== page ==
An experimental demonstration of light scattering controlled by silicon nanoparticles augurs well for the development of integrated optical circuits.
Optical fibers are now delivering ultrafast internet connections to homes across the world. By replacing electronics-based technologies with architectures that process pulses of light, a similar leap in speed might also be possible for other forms of information handling. To realize this potential, scientists must first develop novel devices that are capable of controlling the flow of light at the nanometer scale.
Such a device may now be within reach. Yuan Hsing Fu at the A*STAR Data Storage Institute and co‐workers have demonstrated a unique optical effect in nanoparticles that allows them to control the direction in which visible light scatters1.
Miniaturization is key to the success of modern-day electronics: complicated circuitry must be made to fit into portable devices. Likewise, the hardware for processing optical signals must also be miniaturized. In this field, known as photonics, the design of optical components requires an entirely new approach.
The effect demonstrated by Fu and co-workers reveals how nanoparticles can be used to scatter light controllably in the visible spectral range. The researchers first designed a method to measure the scattering, and then fired light at tiny spheres of silicon. When the beam hit a sphere, some scattered backward and some scattered forward. The researchers also showed that it is possible to control the ratio of movement in the two directions by changing the diameter of the nanosphere.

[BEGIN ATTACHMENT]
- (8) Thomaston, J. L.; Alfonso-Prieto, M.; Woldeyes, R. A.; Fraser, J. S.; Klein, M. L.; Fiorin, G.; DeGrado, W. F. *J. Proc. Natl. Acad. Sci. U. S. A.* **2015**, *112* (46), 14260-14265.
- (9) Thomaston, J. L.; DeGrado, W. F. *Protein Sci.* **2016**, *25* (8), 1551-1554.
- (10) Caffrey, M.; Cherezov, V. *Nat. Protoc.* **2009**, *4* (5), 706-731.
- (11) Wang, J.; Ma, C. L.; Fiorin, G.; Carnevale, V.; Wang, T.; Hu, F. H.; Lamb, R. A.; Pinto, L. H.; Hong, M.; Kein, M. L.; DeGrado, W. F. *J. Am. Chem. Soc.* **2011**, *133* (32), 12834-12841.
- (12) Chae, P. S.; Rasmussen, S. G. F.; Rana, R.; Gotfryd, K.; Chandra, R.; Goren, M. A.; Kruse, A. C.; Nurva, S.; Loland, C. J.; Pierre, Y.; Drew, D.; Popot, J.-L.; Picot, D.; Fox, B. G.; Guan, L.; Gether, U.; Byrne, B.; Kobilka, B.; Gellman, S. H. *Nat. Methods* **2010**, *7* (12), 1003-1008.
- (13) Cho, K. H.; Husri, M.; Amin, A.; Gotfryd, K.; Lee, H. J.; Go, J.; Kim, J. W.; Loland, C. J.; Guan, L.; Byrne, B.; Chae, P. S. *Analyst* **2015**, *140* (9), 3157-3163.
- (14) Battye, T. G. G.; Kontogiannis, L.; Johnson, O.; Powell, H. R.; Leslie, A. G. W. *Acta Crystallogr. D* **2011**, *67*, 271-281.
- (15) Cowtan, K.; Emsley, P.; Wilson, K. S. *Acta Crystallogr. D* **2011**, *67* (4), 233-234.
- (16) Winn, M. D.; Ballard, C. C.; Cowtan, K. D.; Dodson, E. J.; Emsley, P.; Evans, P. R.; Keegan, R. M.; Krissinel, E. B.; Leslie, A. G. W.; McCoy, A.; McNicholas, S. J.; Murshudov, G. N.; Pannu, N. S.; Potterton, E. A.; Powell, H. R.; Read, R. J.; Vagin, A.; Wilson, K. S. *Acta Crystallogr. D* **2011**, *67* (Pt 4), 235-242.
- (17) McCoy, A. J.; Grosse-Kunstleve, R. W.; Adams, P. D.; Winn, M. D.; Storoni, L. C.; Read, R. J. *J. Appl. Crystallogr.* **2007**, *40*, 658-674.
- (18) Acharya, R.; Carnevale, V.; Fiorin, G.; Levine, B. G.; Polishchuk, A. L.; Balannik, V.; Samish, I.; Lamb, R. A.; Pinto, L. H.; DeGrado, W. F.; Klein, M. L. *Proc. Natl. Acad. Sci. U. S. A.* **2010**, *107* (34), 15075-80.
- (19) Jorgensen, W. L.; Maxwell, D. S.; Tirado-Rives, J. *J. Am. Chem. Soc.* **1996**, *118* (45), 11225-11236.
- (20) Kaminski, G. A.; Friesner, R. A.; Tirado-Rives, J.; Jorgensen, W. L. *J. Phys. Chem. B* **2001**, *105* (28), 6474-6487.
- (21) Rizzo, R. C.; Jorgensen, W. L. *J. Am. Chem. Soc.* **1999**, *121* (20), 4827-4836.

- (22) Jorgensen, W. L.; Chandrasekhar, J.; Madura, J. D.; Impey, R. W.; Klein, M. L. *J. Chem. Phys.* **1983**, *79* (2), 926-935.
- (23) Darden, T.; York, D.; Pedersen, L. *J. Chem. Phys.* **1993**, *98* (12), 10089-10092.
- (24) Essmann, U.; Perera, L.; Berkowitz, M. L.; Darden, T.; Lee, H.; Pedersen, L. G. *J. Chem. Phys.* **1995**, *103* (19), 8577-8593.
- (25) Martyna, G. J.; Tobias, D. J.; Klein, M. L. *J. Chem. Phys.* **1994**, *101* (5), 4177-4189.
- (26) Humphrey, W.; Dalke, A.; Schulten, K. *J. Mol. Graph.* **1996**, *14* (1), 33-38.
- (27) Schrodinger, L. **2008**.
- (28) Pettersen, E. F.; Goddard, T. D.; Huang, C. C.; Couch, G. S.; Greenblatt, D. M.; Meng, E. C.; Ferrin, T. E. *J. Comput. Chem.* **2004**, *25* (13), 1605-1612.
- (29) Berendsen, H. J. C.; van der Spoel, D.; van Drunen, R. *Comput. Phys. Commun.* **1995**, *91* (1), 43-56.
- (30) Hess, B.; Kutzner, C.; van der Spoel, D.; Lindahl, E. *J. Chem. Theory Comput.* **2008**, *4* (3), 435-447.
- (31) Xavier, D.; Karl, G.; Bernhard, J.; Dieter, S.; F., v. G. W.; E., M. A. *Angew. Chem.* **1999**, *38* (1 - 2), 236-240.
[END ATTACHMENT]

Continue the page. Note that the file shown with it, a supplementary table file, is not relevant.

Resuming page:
Using silicon spheres with diameters of between 100 and 200 nanometers, the team observed that the amount of forward-scattered light varied from being roughly equal to the amount that was backward-scattered to being six times more intense. They also found that the effect could split the light according to wavelength: for example, nanoparticles of a particular size that backscattered predominantly green light also forward scattered mainly yellow radiation (see image).
The researchers chose silicon over the more conventional choice of a metal such as gold because it reduces energy loss and can influence both the electric and magnetic components of light. The 'preferential' scattering of radiation arises because of the mutual interaction between the electric and magnetic resonances of the nanosphere.
This effect is analogous to that of a radio-frequency antenna. "The experimental proof of such relatively simple nano-optical systems with both an electric and magnetic response in the optical spectral range could pave the way to scaling the optical nano-antenna concept down to a single nanoparticle," says Fu. Optical nanoscale antennas could be useful for improving solar cells and might form a crucial building block for integrated optical circuits.
The above post is reprinted from materials provided by The Agency for Science, Technology and Research (A*STAR). Note: Materials may be edited for content and length.
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